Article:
Maniac (1980)

Of the many first generation Slashers that arrived in 1980, none are more sleazy, vile, and disgusting than Bill Lustig's MANIAC. Critically despised for being the depraved filth that it is, MANIAC has never-the-less gained a notorious cult following amongst Slasher fans for its subversive tone and gruesome gore. Murderous madman Frank Zito hits the streets of New York City in search of his next victims, mainly women who remind him of his abusive mother. Frank returns home to place the scalps of the women on the various mannequins that decorate his dingy apartment, making sure that they will never leave him again... MANIAC never tries to rise above its roots in the 42nd Street theaters; in fact, it embraces them. There is no protagonist in MANIAC, only a series of victims that exist only to be killed off as horrifically and painfully as possible. In reality, there is hardly even a tangible plot line. So why has it remained, where others have fallen into obscurity?

Two things separate MANIAC from the average low-budget Slasher films of its kind. The first is the creepy and terrifying performance put forth by Joe Spinell in the lead. He displays a surprising amount of pathos throughout his psychotic ramblings, and the audience truly believes him in the role of the deranged killer. No one wants to meet up with Frank Zito in a dark alleyway. The second, of course, would have to be Tom Savini's incredible special effects work on the film. This is Savini in his finest hour. The make-up work in MANIAC looks so authentic that it could easily be mistaken for a snuff film. What director Bill Lustig may lack in refinement, he more than makes up for in gritty realism as he brings out the sordid underbelly of early 80's New York. MANIAC cannot be judged against genre standards like ROSEMARY'S BABY or FRANKENSTEIN. It fits into an era of filmmaking where reckless abandon and shock value were the name of the game, and where filmmakers like Abel Ferrara, Wes Craven, and Bill Lustig could establish themselves by pushing the limits of acceptability and moral decency.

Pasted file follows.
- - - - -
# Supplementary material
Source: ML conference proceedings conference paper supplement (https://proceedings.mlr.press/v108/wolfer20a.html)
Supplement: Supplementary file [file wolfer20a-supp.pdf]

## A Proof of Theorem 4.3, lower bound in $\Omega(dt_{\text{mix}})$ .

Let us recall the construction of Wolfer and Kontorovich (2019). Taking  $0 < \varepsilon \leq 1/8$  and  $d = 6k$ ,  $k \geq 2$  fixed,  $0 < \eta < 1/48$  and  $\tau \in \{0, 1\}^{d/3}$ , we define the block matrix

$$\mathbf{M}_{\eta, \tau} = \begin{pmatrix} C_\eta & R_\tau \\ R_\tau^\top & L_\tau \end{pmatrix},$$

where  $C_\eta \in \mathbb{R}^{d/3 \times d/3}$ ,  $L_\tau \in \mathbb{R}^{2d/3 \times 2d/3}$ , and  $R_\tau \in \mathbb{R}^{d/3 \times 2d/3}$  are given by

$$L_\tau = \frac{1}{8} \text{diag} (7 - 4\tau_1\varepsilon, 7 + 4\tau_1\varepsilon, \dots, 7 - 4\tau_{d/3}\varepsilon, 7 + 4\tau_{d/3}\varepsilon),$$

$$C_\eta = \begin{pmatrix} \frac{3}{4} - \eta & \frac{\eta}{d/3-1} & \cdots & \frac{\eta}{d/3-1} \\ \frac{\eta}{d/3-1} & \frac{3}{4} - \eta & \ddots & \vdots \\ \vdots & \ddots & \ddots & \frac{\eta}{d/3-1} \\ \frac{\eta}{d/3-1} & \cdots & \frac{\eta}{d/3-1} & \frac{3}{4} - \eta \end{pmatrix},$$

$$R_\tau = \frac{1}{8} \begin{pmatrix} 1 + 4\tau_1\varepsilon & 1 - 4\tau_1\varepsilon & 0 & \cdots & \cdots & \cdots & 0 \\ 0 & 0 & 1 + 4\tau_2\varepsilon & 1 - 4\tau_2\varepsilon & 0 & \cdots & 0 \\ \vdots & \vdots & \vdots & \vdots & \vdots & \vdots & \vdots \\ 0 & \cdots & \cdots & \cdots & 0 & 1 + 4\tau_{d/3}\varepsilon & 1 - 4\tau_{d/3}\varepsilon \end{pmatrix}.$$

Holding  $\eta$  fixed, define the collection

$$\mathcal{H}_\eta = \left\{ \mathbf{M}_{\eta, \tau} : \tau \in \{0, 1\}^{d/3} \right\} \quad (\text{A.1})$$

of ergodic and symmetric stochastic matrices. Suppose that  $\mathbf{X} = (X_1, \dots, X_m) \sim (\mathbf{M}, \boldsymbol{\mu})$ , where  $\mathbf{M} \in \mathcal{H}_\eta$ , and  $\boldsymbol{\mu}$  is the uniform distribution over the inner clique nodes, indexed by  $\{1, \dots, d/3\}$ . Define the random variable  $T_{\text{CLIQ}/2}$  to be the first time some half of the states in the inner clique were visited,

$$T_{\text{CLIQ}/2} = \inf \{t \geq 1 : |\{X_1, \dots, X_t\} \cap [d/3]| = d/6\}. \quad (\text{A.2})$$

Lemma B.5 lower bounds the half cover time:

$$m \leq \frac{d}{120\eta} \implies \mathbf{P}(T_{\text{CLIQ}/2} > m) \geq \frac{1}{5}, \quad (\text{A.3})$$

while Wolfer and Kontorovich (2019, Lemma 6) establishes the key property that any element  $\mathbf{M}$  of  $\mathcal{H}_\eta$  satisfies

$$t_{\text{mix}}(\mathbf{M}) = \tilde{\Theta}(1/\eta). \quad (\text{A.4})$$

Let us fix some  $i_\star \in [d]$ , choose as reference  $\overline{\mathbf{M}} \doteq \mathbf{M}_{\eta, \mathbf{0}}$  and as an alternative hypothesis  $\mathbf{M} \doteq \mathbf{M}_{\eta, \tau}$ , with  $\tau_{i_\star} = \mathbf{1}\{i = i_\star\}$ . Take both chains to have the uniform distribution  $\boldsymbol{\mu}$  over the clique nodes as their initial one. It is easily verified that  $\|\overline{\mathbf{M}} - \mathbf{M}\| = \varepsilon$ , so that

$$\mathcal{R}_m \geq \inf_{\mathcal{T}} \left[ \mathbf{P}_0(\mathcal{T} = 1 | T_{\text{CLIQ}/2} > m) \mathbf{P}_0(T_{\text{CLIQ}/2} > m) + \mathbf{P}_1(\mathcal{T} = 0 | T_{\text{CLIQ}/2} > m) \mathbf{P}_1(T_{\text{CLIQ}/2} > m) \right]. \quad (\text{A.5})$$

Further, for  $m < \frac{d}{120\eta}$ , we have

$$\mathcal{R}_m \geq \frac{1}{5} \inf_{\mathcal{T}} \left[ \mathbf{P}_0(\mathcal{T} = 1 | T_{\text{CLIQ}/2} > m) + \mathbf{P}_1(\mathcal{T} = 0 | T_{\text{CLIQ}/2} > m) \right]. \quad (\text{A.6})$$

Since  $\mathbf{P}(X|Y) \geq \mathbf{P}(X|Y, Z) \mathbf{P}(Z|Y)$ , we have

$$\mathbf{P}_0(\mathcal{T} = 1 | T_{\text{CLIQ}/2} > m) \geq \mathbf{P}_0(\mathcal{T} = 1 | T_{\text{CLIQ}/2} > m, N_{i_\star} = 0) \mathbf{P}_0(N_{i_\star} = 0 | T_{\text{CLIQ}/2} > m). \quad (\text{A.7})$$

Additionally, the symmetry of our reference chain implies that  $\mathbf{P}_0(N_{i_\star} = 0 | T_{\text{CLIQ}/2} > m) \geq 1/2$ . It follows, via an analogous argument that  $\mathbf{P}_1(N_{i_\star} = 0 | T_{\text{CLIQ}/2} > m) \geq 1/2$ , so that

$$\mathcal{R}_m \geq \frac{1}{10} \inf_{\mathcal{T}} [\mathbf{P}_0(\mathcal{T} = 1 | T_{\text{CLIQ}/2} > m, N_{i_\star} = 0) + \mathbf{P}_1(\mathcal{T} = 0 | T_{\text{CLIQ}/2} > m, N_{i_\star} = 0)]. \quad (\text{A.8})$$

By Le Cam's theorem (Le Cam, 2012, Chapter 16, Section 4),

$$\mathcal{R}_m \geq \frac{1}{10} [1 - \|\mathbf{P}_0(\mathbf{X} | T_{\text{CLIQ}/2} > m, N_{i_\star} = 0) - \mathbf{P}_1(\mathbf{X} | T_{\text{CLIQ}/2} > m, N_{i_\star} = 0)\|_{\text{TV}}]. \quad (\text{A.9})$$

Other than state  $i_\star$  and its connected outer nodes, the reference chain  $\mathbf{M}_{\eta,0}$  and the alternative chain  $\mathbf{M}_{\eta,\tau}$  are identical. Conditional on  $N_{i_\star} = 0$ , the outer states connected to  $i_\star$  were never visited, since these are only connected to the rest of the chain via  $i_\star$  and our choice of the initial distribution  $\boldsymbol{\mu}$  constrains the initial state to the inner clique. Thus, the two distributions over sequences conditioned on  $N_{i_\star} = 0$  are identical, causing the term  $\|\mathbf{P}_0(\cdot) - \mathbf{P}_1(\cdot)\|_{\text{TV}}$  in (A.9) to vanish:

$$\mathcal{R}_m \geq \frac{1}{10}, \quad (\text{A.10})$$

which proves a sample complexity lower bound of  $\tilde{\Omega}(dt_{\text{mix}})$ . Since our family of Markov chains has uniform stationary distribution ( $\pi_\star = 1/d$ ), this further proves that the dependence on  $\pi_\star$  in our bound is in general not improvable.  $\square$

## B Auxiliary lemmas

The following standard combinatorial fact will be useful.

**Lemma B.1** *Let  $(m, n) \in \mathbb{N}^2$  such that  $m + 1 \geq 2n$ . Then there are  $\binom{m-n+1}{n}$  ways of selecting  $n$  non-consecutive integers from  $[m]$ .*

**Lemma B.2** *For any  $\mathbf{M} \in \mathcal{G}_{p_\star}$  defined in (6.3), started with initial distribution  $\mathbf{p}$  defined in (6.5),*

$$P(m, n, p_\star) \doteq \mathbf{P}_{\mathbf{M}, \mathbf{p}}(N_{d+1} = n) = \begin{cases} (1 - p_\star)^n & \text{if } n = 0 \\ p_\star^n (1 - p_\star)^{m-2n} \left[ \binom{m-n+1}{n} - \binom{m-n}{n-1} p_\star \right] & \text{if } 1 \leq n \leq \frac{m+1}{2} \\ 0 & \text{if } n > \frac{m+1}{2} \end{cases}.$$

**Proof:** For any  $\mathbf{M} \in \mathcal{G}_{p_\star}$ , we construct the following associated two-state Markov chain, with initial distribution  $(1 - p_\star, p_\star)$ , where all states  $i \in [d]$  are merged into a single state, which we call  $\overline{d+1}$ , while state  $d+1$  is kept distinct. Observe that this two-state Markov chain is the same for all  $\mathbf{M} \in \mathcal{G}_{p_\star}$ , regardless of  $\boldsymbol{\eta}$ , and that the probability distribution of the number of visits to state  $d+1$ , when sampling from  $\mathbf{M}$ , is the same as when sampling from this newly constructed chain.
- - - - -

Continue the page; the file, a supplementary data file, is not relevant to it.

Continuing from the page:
Rating: 6/10.
Gore: 8/10.

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  1. I think part of the reason it has endured is that it has a tremendous feeling of authenticity, not just in terms of Spinell's performance but also in its use of locations and in its dialogue.
    Whereas a film like The Toolbox Murders is obviously a movie, with no links to reality at all, this seems to come at you live from the streets.
    I've watched it a couple of times now, and I do think there is a kind of weird sincerity about it that transcends the exploitation content. And Spinell was such a fascinating guy, as well as a really good actor... And Caroline Munro's in it...

  2. Having Munro in a film always helps, yeah.

    The biggest selling point for the film is Spinelli, bar none.

    The film is a lot more of a psychological thriller as well, putting you up close and personal with the killer a lot. That's also why films like it and 'Peeping Tom' were so controversial in their day.

  3. Agreed gentlemen, MANIAC is far more unsettling than most other Slashers of the time, because it is real. Every moment feels authentic, and one could make the case that the lack of a central storyline strengthens that case even further. I don't remember Berkowitz or Bundy strictly adhering to character development and form.